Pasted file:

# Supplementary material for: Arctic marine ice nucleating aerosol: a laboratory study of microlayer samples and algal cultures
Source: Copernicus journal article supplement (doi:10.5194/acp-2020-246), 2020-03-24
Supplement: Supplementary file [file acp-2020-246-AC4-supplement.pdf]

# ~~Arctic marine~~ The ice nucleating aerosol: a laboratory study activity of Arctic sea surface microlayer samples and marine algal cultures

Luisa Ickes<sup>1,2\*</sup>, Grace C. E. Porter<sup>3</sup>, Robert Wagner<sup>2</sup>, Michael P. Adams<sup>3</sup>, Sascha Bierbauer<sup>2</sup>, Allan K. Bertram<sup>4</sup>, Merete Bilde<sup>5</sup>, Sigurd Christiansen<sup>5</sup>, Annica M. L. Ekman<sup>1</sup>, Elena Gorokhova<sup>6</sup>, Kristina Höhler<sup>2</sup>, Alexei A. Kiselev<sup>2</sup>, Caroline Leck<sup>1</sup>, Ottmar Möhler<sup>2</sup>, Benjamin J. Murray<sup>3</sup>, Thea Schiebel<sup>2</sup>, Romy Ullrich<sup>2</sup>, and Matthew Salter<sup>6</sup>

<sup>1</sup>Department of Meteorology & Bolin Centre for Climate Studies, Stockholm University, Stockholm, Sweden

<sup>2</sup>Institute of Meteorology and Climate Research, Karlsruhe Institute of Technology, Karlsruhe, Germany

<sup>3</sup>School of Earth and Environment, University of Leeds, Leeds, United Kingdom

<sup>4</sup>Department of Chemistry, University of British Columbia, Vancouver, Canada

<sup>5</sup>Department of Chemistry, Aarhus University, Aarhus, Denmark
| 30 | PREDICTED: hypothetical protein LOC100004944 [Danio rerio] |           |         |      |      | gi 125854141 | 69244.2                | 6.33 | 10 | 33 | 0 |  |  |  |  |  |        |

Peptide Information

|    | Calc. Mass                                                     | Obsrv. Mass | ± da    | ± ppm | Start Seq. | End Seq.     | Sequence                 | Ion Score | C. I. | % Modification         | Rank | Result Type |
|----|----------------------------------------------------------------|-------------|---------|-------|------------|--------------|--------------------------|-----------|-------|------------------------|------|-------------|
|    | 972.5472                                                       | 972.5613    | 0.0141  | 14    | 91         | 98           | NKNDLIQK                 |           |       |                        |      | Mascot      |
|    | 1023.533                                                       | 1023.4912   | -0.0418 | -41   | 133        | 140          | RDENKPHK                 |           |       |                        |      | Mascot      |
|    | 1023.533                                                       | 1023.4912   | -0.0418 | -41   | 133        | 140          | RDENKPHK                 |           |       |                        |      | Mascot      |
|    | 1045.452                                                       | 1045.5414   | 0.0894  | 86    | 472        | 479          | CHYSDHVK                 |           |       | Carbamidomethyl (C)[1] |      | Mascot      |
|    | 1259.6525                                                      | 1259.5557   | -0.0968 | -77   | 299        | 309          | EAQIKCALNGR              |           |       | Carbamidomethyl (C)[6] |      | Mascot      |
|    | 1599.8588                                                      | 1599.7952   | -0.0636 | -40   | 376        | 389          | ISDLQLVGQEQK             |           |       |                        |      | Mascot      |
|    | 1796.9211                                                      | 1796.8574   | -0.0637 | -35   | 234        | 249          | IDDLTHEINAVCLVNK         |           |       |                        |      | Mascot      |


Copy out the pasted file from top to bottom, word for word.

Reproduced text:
# Supplementary material for: Arctic marine ice nucleating aerosol: a laboratory study of microlayer samples and algal cultures
Source: Copernicus journal article supplement (doi:10.5194/acp-2020-246), 2020-03-24
Supplement: Supplementary file [file acp-2020-246-AC4-supplement.pdf]

# ~~Arctic marine~~ The ice nucleating aerosol: a laboratory study activity of Arctic sea surface microlayer samples and marine algal cultures

Luisa Ickes<sup>1,2\*</sup>, Grace C. E. Porter<sup>3</sup>, Robert Wagner<sup>2</sup>, Michael P. Adams<sup>3</sup>, Sascha Bierbauer<sup>2</sup>, Allan K. Bertram<sup>4</sup>, Merete Bilde<sup>5</sup>, Sigurd Christiansen<sup>5</sup>, Annica M. L. Ekman<sup>1</sup>, Elena Gorokhova<sup>6</sup>, Kristina Höhler<sup>2</sup>, Alexei A. Kiselev<sup>2</sup>, Caroline Leck<sup>1</sup>, Ottmar Möhler<sup>2</sup>, Benjamin J. Murray<sup>3</sup>, Thea Schiebel<sup>2</sup>, Romy Ullrich<sup>2</sup>, and Matthew Salter<sup>6</sup>

<sup>1</sup>Department of Meteorology & Bolin Centre for Climate Studies, Stockholm University, Stockholm, Sweden

<sup>2</sup>Institute of Meteorology and Climate Research, Karlsruhe Institute of Technology, Karlsruhe, Germany

<sup>3</sup>School of Earth and Environment, University of Leeds, Leeds, United Kingdom

<sup>4</sup>Department of Chemistry, University of British Columbia, Vancouver, Canada

<sup>5</sup>Department of Chemistry, Aarhus University, Aarhus, Denmark
| 30 | PREDICTED: hypothetical protein LOC100004944 [Danio rerio] |           |         |      |      | gi 125854141 | 69244.2                | 6.33 | 10 | 33 | 0 |  |  |  |  |  |        |

Peptide Information

|    | Calc. Mass                                                     | Obsrv. Mass | ± da    | ± ppm | Start Seq. | End Seq.     | Sequence                 | Ion Score | C. I. | % Modification         | Rank | Result Type |
|----|----------------------------------------------------------------|-------------|---------|-------|------------|--------------|--------------------------|-----------|-------|------------------------|------|-------------|
|    | 972.5472                                                       | 972.5613    | 0.0141  | 14    | 91         | 98           | NKNDLIQK                 |           |       |                        |      | Mascot      |
|    | 1023.533                                                       | 1023.4912   | -0.0418 | -41   | 133        | 140          | RDENKPHK                 |           |       |                        |      | Mascot      |
|    | 1023.533                                                       | 1023.4912   | -0.0418 | -41   | 133        | 140          | RDENKPHK                 |           |       |                        |      | Mascot      |
|    | 1045.452                                                       | 1045.5414   | 0.0894  | 86    | 472        | 479          | CHYSDHVK                 |           |       | Carbamidomethyl (C)[1] |      | Mascot      |
|    | 1259.6525                                                      | 1259.5557   | -0.0968 | -77   | 299        | 309          | EAQIKCALNGR              |           |       | Carbamidomethyl (C)[6] |      | Mascot      |
|    | 1599.8588                                                      | 1599.7952   | -0.0636 | -40   | 376        | 389          | ISDLQLVGQEQK             |           |       |                        |      | Mascot      |
|    | 1796.9211                                                      | 1796.8574   | -0.0637 | -35   | 234        | 249          | IDDLTHEINAVCLVNK         |           |       |                        |      | Mascot      |